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OpSec: Audits & Rugs

opsec audits rugs

Great! It has an audit, but did you read it? Limit your exposure to potential rugs, exploits, and scammers

Recently, we went into some of the hows and whys of OpSec, and discussed a few tools & resources that you can utilize in order to better protect your assets & privacy. This week, I’ll be focusing on one specific platform, as I’ve found their collected information to be incredibly helpful when it comes to performing due diligence prior to investment, or following up on rugs & exploits after they’ve happened.

The platform is DefiYield, and while they have their own value proposition & use-case for potential investors – I’m much more interested in the free tools & databases available to anyone. Specifically, I want to look at the audit database and rekt database, although the approval tools & impermanent loss calculator might also be worth a look.


When investing in crypto assets, you generally want to make sure that an audit has been performed by a reputable & experienced company, and is publicly available. This is to limit potential risk of rugs, exploits, and centralization of privileges. Please note that I said limit, not remove.

Most auditors are going by checklists of common issues & exploits, and making sure the contract doesn’t have any, or advising teams on corrective actions if some are found.

Using the audit database you can sort by project name, issues, auditor, and so on. With some 3,700+ audits linked, it is a much easier way of quickly viewing & comparing projects & audits than by searching a project or auditor’s website, one-at-a-time.

Audits vary wildly from auditor to auditor, with some doing deep examination of potential centralization issues, and some mostly looking for exploits. What they all tend to have in common, though, is a severity ranking of issues from Critical all the way down to Low, or Stylistic/Efficiency issues.

What you’ll want to check is that projects either have the Critical & Major issues resolved (and hopefully the medium severity ones, as well), or at least to have a rock-solid explanation of why they don’t need to be. Sometimes there is a good excuse, if they are still in the process of auditing & adjusting, then they may not have renounced ownership or associated privileges.

Usually, though, you’ll want to see these issues resolved in a timely fashion, as they generally represent associated risks. “What kind of risks?”, you ask? For that we’ll want to check the…

REKT Database

The REKT Database examines the other end of the spectrum. Whereas audits are a pre-investment derisker, the rekt database is a post-mortem of when things have already gone from bad to worse.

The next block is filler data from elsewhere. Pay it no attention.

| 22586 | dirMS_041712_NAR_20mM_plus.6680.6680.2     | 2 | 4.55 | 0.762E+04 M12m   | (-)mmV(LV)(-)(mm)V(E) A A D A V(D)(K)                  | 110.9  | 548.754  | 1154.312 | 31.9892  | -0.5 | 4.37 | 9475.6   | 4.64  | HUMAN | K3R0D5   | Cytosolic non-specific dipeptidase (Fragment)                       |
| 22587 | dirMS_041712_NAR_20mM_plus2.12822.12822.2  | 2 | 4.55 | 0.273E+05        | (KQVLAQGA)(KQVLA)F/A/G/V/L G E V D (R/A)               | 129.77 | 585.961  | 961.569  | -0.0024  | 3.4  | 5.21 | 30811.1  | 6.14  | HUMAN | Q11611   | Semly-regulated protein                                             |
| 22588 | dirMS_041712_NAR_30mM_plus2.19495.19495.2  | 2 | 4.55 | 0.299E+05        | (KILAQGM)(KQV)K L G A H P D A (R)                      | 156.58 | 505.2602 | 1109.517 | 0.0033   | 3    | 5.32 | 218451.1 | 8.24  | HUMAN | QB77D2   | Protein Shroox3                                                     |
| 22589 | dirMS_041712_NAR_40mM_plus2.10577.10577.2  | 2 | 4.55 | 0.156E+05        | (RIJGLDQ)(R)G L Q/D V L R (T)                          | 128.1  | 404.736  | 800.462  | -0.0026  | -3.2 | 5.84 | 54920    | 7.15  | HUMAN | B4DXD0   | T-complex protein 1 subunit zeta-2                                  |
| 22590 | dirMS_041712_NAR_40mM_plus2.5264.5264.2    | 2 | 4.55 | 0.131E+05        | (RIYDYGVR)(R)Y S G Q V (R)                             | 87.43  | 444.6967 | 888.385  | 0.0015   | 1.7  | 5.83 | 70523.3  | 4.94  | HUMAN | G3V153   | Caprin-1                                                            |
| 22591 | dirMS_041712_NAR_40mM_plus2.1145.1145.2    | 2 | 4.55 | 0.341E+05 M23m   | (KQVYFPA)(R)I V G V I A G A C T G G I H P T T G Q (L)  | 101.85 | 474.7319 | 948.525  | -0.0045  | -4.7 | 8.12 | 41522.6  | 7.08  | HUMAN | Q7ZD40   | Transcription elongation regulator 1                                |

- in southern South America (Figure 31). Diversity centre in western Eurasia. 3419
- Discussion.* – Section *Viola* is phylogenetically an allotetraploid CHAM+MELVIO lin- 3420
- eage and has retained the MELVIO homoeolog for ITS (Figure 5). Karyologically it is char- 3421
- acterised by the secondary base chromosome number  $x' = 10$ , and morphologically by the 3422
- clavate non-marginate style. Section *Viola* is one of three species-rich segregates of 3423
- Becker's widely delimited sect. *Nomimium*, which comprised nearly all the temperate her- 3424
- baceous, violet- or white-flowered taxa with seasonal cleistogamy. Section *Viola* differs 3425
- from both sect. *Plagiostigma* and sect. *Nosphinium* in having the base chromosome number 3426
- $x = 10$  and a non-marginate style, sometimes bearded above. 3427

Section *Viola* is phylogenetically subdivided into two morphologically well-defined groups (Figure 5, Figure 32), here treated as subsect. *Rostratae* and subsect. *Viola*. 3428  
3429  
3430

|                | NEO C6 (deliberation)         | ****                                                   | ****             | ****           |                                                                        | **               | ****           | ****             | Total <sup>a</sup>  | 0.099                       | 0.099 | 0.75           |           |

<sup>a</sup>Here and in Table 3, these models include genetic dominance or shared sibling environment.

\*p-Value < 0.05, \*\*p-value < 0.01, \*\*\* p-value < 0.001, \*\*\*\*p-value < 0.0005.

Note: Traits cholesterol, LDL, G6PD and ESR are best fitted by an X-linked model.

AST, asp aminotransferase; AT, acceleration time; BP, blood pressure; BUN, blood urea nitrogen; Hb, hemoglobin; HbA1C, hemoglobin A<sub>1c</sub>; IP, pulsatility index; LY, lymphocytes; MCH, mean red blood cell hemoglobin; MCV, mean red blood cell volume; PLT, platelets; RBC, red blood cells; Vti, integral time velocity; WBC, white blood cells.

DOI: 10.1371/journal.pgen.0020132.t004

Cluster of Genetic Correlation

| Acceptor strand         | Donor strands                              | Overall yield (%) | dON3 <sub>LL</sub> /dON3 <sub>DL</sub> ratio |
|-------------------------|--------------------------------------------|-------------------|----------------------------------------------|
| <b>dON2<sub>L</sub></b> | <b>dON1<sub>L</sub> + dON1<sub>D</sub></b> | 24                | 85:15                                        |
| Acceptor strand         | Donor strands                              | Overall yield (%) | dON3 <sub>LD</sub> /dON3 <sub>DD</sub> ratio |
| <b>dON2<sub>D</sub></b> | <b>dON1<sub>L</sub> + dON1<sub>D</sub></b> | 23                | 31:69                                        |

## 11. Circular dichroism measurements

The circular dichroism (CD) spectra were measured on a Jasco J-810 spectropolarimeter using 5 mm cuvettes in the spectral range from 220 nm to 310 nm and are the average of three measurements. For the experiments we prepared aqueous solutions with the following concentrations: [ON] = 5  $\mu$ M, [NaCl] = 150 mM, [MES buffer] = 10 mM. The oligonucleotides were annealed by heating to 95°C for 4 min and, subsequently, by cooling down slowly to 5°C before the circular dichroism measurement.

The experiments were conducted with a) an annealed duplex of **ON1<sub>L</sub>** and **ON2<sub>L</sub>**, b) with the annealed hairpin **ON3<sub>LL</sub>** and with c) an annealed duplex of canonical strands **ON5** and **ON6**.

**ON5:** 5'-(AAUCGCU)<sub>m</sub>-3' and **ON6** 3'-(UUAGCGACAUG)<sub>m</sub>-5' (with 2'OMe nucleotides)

The main page will give you a quick glimpse at the most recent reports added to the database, as well as nauseating stats on funds lost vs. recovered, and a chart to demonstrate the progression of both over time.

The optional filters & sort-by options in the database can be incredibly helpful, too, as you can not only sort by the type of event or attack, auditors, chains, dates, or total funds lost.

Even better, if you go into the details, you can usually find the timeline of events, related tweets, attackers’ addresses, and more. Essentially, you can see the “history” of a multitude of attacks, exploits, and exit scams, and go as deep down those rabbit holes as you please.

I encourage you to play around with this database, and then use your findings to help fill out the information you find in audits. There are a lot of ways that you could approach this, such as comparing the total # of audits that an auditor has in the audit database with the number of attacks after an audit.

Additionally you could compare the most-used attack vectors & functions to the issues remaining in audited contracts. Do you see upgradeTo() being a common component in attacks & exit scams? Well, that might be something to consider if an audited contract retains access to that function.

Having the ability to easily compare these things is fantastic, although I will say that with newer projects you’ll likely still have to find the audit via the project or auditor’s website. DeFi Yield also performs their own audits, so be aware of the possibility that rekt reports added to the database may be skewed to paint their audits more favorably than competitors.

I haven’t seen evidence of that, personally, but you always want to consider bias & motivations involved, or potential conflicts that may arise because of them.

This is by no means an all-inclusive resource, either, but it is a handy bookmark to have in your fundamental analysis toolkit, and reading audits & post-mortems is a great way of increasing your understanding of contract functions & potential threats. As I mentioned last time, keeping an eye on your approvals & allowances is also a good idea. The approved contracts tool I mentioned before is another great way of doing that.

One thing I really like is that they break down each approval/allowance & show your associated risk in $ for each. I’d imagine this would be very handy for folks when determining which approvals are most worth revoking in terms of risk vs. cost.

Until next time, give these tools a try, and if you find them useful: bookmark. It’s always good to have a folder full of platforms you can utilize when checking out potential investments.

Related: Let’s Talk About OpSec


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